When it comes to the waste, reprocessing can eliminate around 80% of it, though it isn't a flat 80% that is being removed. It is basically digging through the waste and gathering the remaining U238 and the Pu239 that forms and is not fissiled away. Originally, we only reprocessed to gather the Pu239 in order to make bombs (shame on us and Russia… and everyone else that copied us afterwards), but that Pu239 can be used as fuel. What aren't reused in the waste are all the Cs, Rb, I, and other fissile products. While those are still dangerous and need to be handled with care, the biggest bad boy in the waste is actually the Pu239 (partially because it will turn to the super evil Radon gas). The rest is bad, but not nearly close to Pu. This means that by reprocessing it, it actually makes less waste, and makes it safer for the whole family (not recommended for children under 10, the elderly, pregnant women, or human skin in general). We also have a wonderful option in new technologies that are developing such as nuclear decay reactors (NDR) [8], which allow us to take radioactive waste, place it in a modified reactor and simply turn the heat that comes off of it into electricity.
The other option is to take the waste away and bury it. Now, if the waste is reprocessed, all the Pu239, U238, and any U235 still in it, are removed. So all we have left is the fissile product. The most common of which is Cs133, I135, Zr93 and Mo99, but there are many different elements, all of which have a different half life. For U235 thermal nuclear reaction, 72.24% of the fissile product has a half-life of less than 100 years while only 27.76% is over 1,000 years (surprisingly none of it is between 100 and 1,000 years) [9]. So most of this stuff will naturally decay away into safe and stable elements (many in weeks), while only a little actually remains for thousands ofyears.

3)Cost of building and Maintaining Nuclear Power.

Currently (as of 2010), the cost of nuclear fuel for a single reload was $40 million [10]. Now, that may sound like a lot of money. But given that it only needs to be reloaded once every 18 months makes it very cheap indeed (about 0.65 cents per kWh). And with TWR which can use all of the U238, and not just a portion of enriched Uranium, their cost would be lower. In 2010, the average cost of operation and maintenance for a US reactor came in at about 1.49 cents per kWh. And that is with all of the government regulations (some of which are needed, but some of which are not). There are some other costs (like the Nuclear Waste Fund and such), but they come in at around 0.1 cents per kWh.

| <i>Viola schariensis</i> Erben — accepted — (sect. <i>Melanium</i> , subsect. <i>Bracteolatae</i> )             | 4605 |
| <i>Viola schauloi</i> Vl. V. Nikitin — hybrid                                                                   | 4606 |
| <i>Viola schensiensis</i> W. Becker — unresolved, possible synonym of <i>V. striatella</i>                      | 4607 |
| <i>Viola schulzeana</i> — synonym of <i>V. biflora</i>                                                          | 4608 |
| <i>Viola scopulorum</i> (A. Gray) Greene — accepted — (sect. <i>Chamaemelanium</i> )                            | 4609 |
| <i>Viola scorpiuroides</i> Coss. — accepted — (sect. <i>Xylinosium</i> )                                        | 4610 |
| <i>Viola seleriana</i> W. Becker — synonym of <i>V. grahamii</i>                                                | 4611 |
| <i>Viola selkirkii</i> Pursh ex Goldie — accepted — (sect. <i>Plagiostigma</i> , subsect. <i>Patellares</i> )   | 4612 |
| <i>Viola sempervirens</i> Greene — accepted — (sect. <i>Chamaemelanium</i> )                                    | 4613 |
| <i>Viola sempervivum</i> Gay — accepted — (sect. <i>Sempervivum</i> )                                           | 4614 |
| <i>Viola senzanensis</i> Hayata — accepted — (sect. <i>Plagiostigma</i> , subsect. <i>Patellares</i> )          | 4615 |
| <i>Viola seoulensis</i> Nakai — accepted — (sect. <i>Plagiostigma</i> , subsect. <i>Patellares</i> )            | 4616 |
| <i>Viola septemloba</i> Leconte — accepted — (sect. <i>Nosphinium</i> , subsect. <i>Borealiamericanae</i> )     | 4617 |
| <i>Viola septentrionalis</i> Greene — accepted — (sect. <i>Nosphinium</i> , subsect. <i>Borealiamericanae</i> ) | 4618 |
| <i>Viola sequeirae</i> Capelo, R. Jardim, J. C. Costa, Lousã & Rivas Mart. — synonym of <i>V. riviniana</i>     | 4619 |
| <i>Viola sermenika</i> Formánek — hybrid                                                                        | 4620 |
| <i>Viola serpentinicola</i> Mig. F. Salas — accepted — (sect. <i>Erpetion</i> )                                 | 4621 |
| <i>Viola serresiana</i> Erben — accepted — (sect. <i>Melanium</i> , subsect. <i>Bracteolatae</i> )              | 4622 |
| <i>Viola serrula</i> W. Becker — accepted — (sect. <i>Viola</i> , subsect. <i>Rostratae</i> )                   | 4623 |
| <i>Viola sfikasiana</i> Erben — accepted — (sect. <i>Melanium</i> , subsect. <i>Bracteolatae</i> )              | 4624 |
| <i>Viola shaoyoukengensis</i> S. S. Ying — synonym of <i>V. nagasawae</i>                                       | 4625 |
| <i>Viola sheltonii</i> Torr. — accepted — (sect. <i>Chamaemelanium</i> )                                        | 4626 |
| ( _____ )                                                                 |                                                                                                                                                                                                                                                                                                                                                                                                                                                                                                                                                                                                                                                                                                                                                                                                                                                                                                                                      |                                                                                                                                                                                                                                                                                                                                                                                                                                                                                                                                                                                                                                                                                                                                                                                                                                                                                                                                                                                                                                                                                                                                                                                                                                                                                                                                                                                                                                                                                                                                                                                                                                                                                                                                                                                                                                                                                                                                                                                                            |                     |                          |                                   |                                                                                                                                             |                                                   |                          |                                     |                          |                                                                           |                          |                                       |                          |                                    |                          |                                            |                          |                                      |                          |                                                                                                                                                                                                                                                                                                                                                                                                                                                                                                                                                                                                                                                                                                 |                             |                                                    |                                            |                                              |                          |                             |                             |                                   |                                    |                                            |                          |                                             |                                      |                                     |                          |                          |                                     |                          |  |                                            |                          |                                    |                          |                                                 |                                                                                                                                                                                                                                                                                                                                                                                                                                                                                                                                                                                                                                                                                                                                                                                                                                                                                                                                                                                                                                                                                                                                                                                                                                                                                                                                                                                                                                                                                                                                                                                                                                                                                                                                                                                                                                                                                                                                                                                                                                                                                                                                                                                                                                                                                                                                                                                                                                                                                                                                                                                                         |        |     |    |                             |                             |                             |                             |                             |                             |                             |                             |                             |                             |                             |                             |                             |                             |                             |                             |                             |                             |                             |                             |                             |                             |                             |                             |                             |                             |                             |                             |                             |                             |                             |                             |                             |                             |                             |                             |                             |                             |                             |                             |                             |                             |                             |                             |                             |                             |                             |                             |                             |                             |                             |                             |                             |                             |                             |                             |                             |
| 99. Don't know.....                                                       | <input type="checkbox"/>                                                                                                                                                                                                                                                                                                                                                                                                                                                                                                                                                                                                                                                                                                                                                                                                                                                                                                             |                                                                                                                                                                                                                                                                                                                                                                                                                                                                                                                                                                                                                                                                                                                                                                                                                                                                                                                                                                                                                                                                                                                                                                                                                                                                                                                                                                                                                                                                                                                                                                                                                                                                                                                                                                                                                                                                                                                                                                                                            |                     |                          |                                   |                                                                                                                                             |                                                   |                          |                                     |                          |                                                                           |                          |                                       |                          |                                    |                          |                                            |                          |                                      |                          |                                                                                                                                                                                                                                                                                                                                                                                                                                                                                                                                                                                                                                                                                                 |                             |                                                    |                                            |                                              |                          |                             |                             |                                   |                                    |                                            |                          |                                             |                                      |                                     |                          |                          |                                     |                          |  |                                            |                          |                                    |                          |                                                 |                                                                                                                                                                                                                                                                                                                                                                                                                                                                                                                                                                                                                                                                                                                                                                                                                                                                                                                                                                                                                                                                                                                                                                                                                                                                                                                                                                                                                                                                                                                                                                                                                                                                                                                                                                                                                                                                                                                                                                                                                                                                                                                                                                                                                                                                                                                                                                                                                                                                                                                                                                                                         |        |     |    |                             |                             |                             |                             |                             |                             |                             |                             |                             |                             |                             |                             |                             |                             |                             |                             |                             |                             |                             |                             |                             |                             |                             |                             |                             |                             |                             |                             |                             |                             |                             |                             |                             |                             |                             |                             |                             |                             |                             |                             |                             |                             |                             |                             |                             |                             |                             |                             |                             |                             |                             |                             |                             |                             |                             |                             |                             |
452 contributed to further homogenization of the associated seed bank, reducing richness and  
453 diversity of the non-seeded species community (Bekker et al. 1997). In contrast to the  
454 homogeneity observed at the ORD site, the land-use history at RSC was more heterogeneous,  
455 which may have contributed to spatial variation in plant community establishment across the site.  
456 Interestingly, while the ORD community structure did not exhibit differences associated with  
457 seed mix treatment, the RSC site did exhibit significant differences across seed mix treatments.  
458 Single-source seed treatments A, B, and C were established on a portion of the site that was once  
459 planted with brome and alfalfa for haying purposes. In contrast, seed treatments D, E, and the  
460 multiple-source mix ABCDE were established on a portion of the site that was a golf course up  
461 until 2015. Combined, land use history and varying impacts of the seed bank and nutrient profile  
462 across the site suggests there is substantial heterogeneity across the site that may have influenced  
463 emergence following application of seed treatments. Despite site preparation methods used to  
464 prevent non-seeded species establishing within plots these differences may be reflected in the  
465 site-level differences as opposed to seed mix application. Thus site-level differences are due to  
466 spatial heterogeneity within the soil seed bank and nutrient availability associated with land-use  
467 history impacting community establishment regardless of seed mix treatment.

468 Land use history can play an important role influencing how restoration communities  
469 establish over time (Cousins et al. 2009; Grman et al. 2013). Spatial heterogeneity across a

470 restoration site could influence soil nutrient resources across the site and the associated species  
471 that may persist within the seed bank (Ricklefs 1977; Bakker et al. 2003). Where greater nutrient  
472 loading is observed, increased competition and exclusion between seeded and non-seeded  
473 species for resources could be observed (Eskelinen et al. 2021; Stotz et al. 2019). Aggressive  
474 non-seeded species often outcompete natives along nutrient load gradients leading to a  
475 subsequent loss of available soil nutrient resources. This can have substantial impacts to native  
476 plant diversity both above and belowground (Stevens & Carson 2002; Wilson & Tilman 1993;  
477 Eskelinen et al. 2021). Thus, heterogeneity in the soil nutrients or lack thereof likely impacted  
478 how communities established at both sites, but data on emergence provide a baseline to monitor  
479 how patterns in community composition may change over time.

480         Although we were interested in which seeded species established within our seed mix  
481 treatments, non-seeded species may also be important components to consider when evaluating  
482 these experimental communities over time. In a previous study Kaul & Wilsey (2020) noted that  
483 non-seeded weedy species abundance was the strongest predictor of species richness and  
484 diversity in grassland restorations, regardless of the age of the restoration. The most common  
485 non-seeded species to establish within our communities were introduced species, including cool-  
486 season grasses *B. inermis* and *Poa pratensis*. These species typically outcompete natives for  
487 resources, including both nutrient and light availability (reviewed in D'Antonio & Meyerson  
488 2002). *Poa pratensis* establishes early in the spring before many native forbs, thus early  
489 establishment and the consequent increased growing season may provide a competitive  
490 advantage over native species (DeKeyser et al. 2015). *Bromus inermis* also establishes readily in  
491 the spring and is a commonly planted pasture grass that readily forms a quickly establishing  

This makes the fuel for nuclear power much cheaper than conventional gas or coal. The downside, is that nuclear power plants are more expensive to construct. Currently around $4,500 per kW, compared to Coal's $3,400 per kW or Natural Gas's $1,000 per kW [11].

With this being said, I will turn the floor over to my opponent.

Thank you



I will begin with my opponent's case and then present an alternative to nuclear energy.

Opening statement: My opponent has produced some very impressive data on the efficiency of nuclear energy. Prima facie or first glance could easily sway a person to support nuclear energy. I vaguely recall having done rudimentary research on nuclear energy for a Lincoln-Douglas topic last fall. In fact, a conversation I had with our science department head revealed only one significant pitfall, what to do with the waste?

My opponent has even identified dis-ads of nuclear waste and offered suggestions on the very subject of nuclear waste.

If we dig deeper though, what are other concerns? Let's explore!

1) Effectiveness. At first glance the only disagreements I could identify were really nitpicky stuff. I could say that some of the water which became steam would inevitably evaporate and have to be replaced. I could even strengthen my opponent's defense by saying that the moving parts replacement schedule is likely very minimal.

There is no shame in expanding Robert Fulton's use of steam even if it is an old idea. We still use wheels right? :o)

There is no doubt that nuclear energy can offer power to communities. I, and the judges, are likely tired of semantical battles of topicality, that being said; much of my opponent's first point are stipulated and conceded.

2) Safety. This is a cause for concern. While technologically developed nations such as the U.S.A., the U.K., and France have operated plants for upwards of 60 years without serious incident, that does not make them immune to trouble. Many safeguards have been implemented since the 1950's to improve and upgrade the facilities. Yet, even superpowers such as the U.S. (3 mile island) and the former Soviet Union (Chernobyl) have had their share of growing pains. Most recently, another developed nation, Japan, experienced a calamity of catastrophic proportion. Are nuclear power plants compeletly safe? No.